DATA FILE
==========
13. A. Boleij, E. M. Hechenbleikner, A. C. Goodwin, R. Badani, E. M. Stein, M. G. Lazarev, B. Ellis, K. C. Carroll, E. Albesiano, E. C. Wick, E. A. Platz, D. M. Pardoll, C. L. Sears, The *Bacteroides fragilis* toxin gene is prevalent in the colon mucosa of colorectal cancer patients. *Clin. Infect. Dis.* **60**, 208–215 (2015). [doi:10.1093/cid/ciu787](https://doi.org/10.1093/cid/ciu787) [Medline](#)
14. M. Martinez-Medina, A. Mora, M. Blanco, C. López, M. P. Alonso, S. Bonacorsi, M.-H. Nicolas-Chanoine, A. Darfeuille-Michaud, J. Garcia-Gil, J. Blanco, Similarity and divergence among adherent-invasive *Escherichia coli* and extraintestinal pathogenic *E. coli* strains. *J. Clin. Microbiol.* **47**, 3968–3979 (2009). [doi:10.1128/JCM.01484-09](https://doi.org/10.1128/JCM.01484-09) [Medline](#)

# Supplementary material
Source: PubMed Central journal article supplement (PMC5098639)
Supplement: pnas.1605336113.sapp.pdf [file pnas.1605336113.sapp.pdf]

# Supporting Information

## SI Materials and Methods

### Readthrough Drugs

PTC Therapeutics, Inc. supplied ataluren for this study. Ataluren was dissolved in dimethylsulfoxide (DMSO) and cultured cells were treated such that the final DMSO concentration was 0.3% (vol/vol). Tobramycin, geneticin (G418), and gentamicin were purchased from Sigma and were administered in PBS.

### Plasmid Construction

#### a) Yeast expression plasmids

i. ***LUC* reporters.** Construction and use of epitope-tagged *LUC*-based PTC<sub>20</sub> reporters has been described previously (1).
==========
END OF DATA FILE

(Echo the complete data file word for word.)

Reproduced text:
13. A. Boleij, E. M. Hechenbleikner, A. C. Goodwin, R. Badani, E. M. Stein, M. G. Lazarev, B. Ellis, K. C. Carroll, E. Albesiano, E. C. Wick, E. A. Platz, D. M. Pardoll, C. L. Sears, The *Bacteroides fragilis* toxin gene is prevalent in the colon mucosa of colorectal cancer patients. *Clin. Infect. Dis.* **60**, 208–215 (2015). [doi:10.1093/cid/ciu787](https://doi.org/10.1093/cid/ciu787) [Medline](#)
14. M. Martinez-Medina, A. Mora, M. Blanco, C. López, M. P. Alonso, S. Bonacorsi, M.-H. Nicolas-Chanoine, A. Darfeuille-Michaud, J. Garcia-Gil, J. Blanco, Similarity and divergence among adherent-invasive *Escherichia coli* and extraintestinal pathogenic *E. coli* strains. *J. Clin. Microbiol.* **47**, 3968–3979 (2009). [doi:10.1128/JCM.01484-09](https://doi.org/10.1128/JCM.01484-09) [Medline](#)

# Supplementary material
Source: PubMed Central journal article supplement (PMC5098639)
Supplement: pnas.1605336113.sapp.pdf [file pnas.1605336113.sapp.pdf]

# Supporting Information

## SI Materials and Methods

### Readthrough Drugs

PTC Therapeutics, Inc. supplied ataluren for this study. Ataluren was dissolved in dimethylsulfoxide (DMSO) and cultured cells were treated such that the final DMSO concentration was 0.3% (vol/vol). Tobramycin, geneticin (G418), and gentamicin were purchased from Sigma and were administered in PBS.

### Plasmid Construction

#### a) Yeast expression plasmids

i. ***LUC* reporters.** Construction and use of epitope-tagged *LUC*-based PTC<sub>20</sub> reporters has been described previously (1).